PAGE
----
This may be the moment for mediation in difficult political and judicial decisions - John Sturrock
I am sure some readers watching or reading about the breakdown in relations between our present and former First Ministers will have asked themselves: why don’t they try mediation?
This is not as extreme a suggestion as it might appear. Many serious senior level disagreements are dealt with in this way, often with quite unexpected success. Indeed, as Scottish Mediation’s recently launched campaign The Time is Now reminds us, this is a really good moment for Scotland’s political leaders to show that mediation offers a constructive way to deal with difficult situations and could make a significant positive impact across our country.
Similar thoughts occurred to me as I read the Scottish Parliament Rural Economy and Connectivity Committee’s report on the construction and procurement of two new ferries for Caledonian MacBrayne. The Committee outlined difficulties in getting agreement to use mediation to try to resolve the significant contractual dispute. It expressed the view that “a process of mediation should have been pursued much earlier and more proactively”. The report narrates the sad breakdown in business relationships and the impact of construction delays on island communities. The potentially massive cost to the public purse is now well known. This is serious stuff for our country and its economy.
Why might it be that, in Scotland (and elsewhere), there remains reluctance and resistance to use mediation in difficult matters? Mediation was mentioned in the context of complaints against the former First Minister. However, some of the evidence suggests that mediation is not well understood. A recently-published book by an alumna of Core’s mediation training courses, Dr Anna Howard, may provide some answers. In EU Cross-Border Commercial Mediation, Listening to Disputants, the author has unearthed a number of reasons for the “stubbornly low” uptake of mediation as a process for resolving disputes. We may have been approaching the promotion of mediation in quite the wrong way, she suggests.
Many of us have argued for mediation’s use by comparing it with the time, costs, risks, adversarialism and loss of control inherent in an adjudicative process, principally litigation, often in the context of “legally constructed” cases. Howard’s main thrust is that framing mediation as an alternative to litigation does not resonate with clients (the actual decision-makers, who rarely use litigation). In approaching mediation narrowly, we have also set it up in apparent competition with litigation and to a lesser extent arbitration. This “oppositional approach” has created awkwardness with courts and justice systems, while some of us appear overly-zealous, relying on “anti-litigation rhetoric”.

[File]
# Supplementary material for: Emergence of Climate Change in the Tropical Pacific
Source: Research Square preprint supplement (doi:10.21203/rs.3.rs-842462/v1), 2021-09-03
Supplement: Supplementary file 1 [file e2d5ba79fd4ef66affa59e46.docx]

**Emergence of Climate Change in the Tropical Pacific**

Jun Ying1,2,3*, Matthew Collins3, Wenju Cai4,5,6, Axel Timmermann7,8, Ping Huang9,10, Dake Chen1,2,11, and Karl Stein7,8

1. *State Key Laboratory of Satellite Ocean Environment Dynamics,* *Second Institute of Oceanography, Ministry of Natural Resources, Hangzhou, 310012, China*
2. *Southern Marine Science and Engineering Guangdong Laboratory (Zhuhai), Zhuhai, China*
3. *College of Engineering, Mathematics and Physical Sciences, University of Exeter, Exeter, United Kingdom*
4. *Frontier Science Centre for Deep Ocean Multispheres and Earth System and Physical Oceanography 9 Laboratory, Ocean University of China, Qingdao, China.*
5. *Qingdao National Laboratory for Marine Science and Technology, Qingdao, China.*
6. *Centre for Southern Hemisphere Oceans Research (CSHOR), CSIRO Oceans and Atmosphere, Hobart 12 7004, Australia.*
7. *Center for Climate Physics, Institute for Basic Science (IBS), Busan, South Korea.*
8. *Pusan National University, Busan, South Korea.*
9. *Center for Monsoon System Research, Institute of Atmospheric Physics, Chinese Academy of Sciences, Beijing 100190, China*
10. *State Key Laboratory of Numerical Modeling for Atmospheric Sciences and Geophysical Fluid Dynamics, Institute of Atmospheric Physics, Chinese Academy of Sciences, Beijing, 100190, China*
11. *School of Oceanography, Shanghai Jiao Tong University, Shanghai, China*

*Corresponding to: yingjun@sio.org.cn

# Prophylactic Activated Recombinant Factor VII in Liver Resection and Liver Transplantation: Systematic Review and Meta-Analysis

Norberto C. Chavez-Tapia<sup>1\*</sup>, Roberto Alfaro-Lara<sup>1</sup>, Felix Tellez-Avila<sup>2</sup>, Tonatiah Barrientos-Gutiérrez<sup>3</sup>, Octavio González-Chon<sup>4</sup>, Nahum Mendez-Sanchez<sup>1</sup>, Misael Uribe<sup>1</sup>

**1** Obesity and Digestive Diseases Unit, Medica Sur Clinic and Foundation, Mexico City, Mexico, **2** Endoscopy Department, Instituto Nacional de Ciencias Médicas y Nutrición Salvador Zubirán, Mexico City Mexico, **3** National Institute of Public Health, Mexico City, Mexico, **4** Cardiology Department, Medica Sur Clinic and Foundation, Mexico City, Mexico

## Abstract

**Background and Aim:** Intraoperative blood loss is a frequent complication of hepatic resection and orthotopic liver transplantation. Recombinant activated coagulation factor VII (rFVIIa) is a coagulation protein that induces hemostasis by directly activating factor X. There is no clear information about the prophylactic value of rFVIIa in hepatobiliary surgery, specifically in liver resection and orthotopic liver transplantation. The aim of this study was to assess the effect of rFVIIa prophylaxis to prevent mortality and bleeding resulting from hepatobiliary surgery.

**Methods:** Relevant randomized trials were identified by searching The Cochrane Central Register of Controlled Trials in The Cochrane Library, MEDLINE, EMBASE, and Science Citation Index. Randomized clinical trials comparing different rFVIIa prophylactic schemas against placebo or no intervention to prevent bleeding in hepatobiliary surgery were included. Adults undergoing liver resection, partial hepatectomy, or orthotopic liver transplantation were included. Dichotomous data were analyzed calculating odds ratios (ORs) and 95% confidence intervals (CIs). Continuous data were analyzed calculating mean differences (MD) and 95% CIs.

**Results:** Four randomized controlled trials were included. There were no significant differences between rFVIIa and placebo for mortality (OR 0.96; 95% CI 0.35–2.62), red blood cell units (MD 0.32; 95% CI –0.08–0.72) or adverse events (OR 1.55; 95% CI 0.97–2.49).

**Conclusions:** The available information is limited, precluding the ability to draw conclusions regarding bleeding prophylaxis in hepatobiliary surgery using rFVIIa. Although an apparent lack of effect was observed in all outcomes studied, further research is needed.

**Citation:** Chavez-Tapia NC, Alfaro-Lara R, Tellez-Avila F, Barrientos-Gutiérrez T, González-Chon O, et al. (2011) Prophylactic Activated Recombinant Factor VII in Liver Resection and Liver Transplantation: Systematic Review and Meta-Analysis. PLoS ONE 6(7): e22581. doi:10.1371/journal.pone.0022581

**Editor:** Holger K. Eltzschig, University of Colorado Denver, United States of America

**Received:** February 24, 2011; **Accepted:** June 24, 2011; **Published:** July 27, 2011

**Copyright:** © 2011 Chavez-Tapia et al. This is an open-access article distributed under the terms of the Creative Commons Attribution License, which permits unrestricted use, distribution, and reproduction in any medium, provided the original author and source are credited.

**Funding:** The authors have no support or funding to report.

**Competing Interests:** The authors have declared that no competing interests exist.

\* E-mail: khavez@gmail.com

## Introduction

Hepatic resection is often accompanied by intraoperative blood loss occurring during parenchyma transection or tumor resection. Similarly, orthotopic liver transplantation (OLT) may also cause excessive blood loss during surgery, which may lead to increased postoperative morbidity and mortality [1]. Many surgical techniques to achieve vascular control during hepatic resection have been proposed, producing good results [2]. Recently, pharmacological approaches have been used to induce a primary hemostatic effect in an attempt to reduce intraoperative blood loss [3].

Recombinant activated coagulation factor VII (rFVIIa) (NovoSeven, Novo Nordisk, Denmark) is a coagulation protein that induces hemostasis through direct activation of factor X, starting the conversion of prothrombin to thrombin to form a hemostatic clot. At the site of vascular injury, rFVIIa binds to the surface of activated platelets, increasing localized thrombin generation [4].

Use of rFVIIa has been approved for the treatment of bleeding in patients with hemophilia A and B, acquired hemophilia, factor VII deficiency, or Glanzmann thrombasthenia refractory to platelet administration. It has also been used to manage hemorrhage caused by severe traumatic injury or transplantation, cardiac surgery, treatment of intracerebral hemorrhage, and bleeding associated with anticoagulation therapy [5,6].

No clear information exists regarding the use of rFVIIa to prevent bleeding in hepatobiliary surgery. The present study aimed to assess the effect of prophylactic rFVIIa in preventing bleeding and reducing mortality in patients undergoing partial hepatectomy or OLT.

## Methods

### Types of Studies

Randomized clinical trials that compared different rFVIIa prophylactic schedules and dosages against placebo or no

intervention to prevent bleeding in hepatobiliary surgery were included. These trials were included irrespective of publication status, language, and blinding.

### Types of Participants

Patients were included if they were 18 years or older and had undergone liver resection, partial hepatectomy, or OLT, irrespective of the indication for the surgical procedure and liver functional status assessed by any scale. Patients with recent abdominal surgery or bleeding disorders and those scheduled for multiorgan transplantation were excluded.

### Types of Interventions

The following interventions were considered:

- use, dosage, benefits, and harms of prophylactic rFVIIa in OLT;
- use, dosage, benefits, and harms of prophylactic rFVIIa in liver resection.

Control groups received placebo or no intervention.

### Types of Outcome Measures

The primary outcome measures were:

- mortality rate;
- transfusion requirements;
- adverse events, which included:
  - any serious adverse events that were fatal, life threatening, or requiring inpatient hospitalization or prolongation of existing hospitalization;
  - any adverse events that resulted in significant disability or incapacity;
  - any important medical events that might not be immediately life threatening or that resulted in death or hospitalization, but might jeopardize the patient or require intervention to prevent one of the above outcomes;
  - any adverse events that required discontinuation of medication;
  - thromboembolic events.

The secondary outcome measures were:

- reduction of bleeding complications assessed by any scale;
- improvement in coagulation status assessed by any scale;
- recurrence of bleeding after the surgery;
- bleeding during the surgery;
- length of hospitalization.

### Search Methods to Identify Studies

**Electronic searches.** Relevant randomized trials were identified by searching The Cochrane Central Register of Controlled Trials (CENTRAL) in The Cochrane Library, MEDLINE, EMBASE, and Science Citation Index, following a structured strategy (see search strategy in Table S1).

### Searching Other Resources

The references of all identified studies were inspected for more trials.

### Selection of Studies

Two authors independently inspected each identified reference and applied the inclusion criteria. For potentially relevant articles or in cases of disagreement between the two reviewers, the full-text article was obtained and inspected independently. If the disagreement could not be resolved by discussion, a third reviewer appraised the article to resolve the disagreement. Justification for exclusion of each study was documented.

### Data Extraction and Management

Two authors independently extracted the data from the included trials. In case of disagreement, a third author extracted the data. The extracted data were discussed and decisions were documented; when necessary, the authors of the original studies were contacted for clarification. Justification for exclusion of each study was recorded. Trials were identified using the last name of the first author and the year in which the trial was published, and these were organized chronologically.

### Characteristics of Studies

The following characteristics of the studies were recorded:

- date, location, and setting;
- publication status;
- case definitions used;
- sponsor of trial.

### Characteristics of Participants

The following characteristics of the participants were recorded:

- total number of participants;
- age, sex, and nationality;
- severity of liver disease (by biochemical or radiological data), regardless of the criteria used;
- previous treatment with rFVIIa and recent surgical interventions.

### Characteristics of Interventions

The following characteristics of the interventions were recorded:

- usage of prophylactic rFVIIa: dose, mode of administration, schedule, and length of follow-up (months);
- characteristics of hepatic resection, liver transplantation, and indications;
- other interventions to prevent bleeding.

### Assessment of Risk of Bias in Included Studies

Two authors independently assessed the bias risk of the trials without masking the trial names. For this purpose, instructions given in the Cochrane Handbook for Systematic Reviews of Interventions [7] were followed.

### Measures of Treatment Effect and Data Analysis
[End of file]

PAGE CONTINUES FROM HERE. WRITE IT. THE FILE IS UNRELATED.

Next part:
Ironically, we may have deterred many potential users who view disputes much more broadly. Far better to promote mediation as a way to help parties to extend negotiations which need some assistance and thus open up a much wider field of opportunity. However, things are not quite that simple. Howard’s research suggests that we must acknowledge that mediation asks a lot of disputants. She tells us that bringing in a mediator could imply that the parties themselves have not been able to negotiate a solution. It could thus be perceived as an admission of failure. This perception may be felt by commercial people in whose hands the original negotiation took place (and could also apply to lawyers charged with finding a solution). Users may also fear that any agreement reached in mediation will be viewed as sub-optimal and subjected to criticism by others. Far easier than being a scapegoat is to pass responsibility for the outcome to a third-party decision-maker who can be blamed if the result is unsatisfactory.
Some of this concurs with my own experience, especially in the public sector, where fear of being blamed may lead decision-makers to baulk at mediating or, if they take that step, cause them to back away from making difficult and (to the outsider) necessary choices. That’s a perfectly understandable human reaction, albeit potentially costly. Might that explain the CalMac ferry situation?
Fear of admitting failure may also apply to civil servants and politicians. Why, many of us have asked, was mediation not tried in the Brexit negotiations? I recall one civil servant saying, in another context, that they disliked handing over to a third party – perhaps an indication of an underlying fear of appearing to have failed?
All of this points to the need to continue to articulate clearly the added value which the involvement of a skilled independent mediator can bring to negotiations which need some help, without inferring failure by either the parties or their advisers.
John Sturrock is Chief Executive and Senior Mediator, Core
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